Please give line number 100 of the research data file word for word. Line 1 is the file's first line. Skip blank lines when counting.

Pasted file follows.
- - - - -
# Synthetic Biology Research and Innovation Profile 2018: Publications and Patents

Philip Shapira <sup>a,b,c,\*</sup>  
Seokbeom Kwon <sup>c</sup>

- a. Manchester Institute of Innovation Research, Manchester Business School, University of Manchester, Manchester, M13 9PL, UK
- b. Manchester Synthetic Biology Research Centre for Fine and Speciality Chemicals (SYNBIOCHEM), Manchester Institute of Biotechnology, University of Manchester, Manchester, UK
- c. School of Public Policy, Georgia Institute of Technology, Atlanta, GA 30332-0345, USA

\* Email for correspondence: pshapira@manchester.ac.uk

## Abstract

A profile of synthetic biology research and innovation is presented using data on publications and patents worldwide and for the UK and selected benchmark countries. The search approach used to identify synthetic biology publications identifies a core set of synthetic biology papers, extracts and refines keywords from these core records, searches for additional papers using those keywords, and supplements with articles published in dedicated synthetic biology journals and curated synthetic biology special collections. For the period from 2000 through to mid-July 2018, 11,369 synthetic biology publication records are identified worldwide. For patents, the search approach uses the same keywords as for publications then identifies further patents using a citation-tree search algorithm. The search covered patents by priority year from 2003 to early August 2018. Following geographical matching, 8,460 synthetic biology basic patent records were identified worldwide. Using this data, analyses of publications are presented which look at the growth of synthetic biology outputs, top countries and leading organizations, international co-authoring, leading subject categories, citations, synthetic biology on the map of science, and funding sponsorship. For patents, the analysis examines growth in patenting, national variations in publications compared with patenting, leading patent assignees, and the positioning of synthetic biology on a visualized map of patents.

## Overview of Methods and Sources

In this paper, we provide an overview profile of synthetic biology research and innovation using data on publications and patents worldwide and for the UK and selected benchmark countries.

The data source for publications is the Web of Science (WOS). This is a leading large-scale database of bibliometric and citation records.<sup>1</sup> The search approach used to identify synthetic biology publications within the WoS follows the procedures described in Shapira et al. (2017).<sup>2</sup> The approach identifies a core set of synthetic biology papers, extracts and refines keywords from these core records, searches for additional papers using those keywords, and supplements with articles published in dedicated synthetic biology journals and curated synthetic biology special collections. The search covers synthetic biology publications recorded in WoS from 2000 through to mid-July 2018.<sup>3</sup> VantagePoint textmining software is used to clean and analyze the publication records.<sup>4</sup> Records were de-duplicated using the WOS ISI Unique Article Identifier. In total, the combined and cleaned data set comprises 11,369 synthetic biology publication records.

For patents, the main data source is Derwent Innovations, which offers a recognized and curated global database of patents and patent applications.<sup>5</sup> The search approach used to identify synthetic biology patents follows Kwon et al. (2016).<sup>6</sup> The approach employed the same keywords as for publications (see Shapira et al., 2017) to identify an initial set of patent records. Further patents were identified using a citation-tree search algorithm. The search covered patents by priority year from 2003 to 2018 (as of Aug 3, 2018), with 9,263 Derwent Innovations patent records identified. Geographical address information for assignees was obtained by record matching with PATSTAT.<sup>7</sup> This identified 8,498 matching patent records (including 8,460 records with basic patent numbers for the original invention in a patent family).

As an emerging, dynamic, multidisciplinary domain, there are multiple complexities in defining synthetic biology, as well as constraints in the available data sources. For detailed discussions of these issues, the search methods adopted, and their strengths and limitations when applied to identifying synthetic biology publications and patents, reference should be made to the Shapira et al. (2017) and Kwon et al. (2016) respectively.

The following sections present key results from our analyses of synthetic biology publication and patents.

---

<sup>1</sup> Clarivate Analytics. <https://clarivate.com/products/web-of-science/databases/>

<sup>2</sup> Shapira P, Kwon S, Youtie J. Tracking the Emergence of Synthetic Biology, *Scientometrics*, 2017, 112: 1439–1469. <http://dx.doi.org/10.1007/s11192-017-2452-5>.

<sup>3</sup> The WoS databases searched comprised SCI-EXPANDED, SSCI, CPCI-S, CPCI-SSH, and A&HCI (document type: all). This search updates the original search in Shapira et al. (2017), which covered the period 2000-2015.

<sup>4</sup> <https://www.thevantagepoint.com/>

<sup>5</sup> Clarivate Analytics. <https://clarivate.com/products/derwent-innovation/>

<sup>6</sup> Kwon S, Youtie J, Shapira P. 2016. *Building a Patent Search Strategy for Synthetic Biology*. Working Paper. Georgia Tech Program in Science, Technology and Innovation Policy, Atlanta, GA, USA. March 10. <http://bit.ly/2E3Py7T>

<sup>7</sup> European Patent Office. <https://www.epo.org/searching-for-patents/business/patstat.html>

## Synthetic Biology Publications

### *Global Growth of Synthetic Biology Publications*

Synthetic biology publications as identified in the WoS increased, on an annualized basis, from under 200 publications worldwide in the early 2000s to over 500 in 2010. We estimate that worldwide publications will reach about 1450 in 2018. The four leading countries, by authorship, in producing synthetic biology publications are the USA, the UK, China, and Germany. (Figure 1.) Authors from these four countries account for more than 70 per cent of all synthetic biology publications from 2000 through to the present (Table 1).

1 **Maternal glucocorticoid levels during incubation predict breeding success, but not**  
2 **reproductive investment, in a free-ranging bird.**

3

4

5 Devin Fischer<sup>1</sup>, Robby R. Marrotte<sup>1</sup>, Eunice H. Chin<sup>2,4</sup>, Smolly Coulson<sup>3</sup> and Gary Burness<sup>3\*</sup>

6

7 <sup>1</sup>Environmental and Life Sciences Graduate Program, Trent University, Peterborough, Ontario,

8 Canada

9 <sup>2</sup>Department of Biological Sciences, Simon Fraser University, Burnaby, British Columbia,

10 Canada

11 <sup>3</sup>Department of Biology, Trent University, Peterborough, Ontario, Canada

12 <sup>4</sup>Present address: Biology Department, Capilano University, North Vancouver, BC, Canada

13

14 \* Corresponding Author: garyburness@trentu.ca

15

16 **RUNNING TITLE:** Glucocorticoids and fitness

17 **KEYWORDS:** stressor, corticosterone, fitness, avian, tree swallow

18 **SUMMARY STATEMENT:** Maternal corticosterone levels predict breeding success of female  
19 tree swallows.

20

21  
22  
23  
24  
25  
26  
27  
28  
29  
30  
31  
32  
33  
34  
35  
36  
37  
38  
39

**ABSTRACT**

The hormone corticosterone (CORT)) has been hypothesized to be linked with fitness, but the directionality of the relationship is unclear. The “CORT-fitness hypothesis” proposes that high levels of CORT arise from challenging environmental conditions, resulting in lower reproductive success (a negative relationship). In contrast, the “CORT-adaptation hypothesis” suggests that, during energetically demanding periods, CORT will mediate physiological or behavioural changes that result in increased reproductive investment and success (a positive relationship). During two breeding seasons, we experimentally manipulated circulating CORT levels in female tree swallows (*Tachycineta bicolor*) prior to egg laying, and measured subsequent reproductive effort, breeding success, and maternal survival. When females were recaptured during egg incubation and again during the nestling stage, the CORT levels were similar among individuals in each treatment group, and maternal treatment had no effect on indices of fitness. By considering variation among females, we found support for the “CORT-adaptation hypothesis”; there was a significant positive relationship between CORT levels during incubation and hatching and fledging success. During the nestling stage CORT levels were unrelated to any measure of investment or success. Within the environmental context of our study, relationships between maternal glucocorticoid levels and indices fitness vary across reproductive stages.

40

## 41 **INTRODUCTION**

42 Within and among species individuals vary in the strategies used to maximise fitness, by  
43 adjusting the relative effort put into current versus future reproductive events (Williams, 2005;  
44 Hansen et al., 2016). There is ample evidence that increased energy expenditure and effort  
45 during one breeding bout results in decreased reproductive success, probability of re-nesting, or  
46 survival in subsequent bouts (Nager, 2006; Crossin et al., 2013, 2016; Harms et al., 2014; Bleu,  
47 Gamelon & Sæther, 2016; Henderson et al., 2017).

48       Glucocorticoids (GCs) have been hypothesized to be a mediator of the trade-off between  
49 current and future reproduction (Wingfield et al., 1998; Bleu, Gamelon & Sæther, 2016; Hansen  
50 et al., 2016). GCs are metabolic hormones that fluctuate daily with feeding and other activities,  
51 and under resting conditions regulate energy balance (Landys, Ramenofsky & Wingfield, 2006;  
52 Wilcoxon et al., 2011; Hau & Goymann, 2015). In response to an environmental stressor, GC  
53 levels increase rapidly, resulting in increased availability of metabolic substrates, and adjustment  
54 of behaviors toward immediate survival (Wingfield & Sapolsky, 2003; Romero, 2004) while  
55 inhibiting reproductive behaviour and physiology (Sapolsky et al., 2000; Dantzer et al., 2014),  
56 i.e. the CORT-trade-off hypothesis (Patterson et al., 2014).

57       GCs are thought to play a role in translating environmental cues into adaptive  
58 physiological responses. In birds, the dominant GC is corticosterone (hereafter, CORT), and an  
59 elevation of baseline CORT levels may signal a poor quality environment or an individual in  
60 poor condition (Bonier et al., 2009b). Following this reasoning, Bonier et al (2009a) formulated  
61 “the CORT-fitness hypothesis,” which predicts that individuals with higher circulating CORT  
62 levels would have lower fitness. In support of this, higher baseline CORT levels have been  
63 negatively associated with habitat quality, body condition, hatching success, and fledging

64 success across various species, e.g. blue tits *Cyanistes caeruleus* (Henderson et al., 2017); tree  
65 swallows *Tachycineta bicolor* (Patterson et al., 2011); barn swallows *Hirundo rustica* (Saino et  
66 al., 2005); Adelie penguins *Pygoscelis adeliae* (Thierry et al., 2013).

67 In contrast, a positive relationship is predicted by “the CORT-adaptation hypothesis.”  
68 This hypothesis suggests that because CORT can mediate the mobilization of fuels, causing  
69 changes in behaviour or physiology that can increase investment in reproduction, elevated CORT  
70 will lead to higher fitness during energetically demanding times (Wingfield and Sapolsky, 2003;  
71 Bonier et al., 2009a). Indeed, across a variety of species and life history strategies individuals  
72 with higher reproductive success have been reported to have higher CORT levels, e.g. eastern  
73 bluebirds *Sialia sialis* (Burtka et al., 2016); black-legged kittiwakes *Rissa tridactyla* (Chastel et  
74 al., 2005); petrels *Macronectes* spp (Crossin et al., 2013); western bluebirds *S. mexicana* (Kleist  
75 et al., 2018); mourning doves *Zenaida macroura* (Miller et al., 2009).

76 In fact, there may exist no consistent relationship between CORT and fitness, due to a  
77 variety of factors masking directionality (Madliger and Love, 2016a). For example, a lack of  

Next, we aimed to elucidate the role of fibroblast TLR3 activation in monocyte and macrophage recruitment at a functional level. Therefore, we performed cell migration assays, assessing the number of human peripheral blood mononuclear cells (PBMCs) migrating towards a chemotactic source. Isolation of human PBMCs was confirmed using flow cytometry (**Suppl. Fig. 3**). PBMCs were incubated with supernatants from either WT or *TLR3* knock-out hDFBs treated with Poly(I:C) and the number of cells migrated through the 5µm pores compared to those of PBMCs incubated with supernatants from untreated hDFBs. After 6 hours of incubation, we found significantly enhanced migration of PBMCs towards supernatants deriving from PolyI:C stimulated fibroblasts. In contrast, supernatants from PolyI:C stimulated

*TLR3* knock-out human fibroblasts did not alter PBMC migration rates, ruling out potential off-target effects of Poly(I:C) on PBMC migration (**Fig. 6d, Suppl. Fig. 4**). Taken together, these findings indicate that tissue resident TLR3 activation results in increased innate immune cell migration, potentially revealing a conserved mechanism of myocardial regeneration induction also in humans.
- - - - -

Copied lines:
72 with higher reproductive success have been reported to have higher CORT levels, e.g. eastern  